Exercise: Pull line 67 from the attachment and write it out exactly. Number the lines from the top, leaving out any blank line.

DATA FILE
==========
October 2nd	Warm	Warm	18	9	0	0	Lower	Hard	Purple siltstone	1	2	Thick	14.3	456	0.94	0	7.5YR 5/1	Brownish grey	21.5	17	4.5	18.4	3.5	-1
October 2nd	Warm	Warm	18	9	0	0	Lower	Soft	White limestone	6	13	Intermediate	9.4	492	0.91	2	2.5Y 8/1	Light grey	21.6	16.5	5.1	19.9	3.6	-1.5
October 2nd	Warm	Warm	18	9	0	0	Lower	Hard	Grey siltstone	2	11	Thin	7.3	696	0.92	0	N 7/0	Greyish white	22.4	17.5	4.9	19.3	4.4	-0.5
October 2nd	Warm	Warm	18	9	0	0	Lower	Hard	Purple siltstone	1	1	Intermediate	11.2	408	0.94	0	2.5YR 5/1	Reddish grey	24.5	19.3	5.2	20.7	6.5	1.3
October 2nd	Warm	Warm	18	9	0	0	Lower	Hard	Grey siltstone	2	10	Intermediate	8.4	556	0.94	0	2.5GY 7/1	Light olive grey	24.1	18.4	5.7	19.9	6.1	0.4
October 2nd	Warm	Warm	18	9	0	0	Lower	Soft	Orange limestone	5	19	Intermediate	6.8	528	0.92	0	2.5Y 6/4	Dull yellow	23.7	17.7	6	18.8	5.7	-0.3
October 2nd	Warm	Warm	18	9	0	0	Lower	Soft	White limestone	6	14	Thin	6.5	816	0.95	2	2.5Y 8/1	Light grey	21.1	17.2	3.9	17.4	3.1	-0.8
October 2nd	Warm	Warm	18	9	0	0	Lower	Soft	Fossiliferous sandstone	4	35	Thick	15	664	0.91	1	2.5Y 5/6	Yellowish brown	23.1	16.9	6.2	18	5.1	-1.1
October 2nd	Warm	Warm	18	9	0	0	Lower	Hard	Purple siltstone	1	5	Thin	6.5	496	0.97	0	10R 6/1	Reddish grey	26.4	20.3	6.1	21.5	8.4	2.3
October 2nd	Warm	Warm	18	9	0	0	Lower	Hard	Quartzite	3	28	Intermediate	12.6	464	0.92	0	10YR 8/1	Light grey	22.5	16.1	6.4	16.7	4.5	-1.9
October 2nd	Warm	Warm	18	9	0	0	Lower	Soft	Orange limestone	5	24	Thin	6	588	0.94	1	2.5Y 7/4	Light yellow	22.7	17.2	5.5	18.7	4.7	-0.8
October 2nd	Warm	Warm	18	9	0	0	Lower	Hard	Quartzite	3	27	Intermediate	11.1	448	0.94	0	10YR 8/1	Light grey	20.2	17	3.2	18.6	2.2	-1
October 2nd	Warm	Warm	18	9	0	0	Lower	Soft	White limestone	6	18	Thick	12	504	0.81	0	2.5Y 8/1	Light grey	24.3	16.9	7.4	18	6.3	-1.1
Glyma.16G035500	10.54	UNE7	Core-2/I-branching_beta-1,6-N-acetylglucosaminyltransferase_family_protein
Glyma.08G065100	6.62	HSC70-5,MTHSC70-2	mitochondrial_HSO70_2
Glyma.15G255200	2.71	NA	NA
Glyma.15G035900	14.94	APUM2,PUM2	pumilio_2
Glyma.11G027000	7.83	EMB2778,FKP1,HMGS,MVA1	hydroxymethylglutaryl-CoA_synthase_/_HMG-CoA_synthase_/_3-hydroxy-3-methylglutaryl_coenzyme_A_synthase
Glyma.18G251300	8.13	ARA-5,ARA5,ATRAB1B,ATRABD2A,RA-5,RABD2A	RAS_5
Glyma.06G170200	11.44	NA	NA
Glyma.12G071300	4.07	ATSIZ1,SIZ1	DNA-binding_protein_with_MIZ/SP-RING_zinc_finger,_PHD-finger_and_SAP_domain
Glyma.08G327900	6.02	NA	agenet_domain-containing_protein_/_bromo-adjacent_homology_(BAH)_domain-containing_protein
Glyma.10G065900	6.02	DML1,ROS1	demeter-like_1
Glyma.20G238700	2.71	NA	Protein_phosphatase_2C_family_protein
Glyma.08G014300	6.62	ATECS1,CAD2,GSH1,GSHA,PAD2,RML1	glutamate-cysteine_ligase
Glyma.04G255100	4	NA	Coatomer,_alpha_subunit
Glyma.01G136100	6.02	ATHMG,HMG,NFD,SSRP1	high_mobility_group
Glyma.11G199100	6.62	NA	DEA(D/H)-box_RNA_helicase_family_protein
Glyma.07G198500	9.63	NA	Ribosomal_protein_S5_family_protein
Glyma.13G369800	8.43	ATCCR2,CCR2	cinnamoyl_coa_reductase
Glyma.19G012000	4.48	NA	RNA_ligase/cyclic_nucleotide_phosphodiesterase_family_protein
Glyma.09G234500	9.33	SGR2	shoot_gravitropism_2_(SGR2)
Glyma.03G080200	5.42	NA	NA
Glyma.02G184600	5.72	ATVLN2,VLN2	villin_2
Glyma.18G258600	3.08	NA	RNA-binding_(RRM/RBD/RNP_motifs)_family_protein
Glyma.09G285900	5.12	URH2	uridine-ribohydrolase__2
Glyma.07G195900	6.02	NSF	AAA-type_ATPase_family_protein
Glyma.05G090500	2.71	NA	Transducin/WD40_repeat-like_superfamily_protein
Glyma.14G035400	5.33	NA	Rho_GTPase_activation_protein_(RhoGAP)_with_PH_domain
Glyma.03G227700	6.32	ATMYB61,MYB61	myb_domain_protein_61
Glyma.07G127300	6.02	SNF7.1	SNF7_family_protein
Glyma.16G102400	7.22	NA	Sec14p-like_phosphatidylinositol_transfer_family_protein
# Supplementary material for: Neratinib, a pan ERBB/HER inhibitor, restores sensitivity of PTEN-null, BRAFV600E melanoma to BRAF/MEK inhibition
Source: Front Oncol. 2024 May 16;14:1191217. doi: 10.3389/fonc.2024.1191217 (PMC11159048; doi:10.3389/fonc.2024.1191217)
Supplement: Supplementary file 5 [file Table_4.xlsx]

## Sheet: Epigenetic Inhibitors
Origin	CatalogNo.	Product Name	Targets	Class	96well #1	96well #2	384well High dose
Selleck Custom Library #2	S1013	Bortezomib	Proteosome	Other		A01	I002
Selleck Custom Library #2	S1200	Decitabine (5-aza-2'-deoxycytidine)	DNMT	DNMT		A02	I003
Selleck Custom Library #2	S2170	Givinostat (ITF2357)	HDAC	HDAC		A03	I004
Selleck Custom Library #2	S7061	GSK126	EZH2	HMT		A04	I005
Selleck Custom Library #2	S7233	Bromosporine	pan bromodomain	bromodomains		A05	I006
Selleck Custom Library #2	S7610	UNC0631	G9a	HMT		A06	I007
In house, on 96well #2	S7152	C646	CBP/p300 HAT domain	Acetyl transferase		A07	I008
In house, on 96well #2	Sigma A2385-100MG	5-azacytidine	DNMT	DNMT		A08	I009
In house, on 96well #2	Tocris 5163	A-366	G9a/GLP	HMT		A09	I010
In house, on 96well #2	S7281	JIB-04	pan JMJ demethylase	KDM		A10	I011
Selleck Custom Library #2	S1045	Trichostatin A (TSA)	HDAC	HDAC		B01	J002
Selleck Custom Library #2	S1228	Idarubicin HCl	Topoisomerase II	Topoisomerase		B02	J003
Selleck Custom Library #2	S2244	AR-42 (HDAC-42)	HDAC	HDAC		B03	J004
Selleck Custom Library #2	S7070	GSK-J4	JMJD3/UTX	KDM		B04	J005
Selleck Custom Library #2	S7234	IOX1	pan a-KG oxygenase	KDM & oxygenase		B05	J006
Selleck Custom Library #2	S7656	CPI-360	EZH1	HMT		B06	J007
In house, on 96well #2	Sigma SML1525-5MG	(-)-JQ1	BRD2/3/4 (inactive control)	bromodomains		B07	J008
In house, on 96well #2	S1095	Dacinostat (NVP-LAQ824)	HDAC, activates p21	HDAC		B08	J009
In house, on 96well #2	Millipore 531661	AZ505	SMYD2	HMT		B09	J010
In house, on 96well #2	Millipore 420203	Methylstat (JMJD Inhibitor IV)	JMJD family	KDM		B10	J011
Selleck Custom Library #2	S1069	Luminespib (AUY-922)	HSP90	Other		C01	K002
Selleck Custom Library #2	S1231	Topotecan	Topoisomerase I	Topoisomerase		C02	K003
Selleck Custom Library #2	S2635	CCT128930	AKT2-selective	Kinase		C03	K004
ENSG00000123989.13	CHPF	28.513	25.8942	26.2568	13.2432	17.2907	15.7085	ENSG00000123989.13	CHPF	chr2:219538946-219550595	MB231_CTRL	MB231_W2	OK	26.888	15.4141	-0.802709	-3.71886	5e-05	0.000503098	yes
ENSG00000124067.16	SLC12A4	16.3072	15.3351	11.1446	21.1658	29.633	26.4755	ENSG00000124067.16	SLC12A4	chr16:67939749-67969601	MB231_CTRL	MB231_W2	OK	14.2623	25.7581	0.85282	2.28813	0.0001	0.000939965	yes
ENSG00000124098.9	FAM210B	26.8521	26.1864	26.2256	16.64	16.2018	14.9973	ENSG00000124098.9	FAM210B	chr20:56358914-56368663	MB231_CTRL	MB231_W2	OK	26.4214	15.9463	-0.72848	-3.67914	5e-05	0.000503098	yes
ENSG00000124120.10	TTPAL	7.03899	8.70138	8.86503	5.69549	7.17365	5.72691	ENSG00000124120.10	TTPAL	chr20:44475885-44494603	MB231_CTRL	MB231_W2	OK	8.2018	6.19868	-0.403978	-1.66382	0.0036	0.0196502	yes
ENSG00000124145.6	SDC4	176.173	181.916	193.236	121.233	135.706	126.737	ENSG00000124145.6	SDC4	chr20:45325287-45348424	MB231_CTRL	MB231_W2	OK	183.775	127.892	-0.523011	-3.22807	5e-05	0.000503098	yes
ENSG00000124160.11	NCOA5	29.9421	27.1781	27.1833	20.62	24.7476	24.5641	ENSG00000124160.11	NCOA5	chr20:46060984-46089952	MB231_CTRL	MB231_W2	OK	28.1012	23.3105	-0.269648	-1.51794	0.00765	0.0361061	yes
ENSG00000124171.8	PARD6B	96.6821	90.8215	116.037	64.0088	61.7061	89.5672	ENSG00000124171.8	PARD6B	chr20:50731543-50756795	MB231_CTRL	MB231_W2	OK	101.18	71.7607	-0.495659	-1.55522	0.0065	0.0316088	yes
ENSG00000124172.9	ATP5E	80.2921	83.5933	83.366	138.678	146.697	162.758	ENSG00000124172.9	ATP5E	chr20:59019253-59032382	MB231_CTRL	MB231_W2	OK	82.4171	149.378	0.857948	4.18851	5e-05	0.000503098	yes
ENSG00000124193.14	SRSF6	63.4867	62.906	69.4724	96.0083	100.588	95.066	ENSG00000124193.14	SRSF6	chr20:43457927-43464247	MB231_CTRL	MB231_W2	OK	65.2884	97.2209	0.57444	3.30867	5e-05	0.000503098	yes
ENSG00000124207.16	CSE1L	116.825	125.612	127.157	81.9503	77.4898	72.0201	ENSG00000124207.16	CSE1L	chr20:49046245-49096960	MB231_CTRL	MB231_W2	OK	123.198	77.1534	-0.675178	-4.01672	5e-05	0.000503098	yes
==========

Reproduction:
In house, on 96well #2	Millipore 420203	Methylstat (JMJD Inhibitor IV)	JMJD family	KDM		B10	J011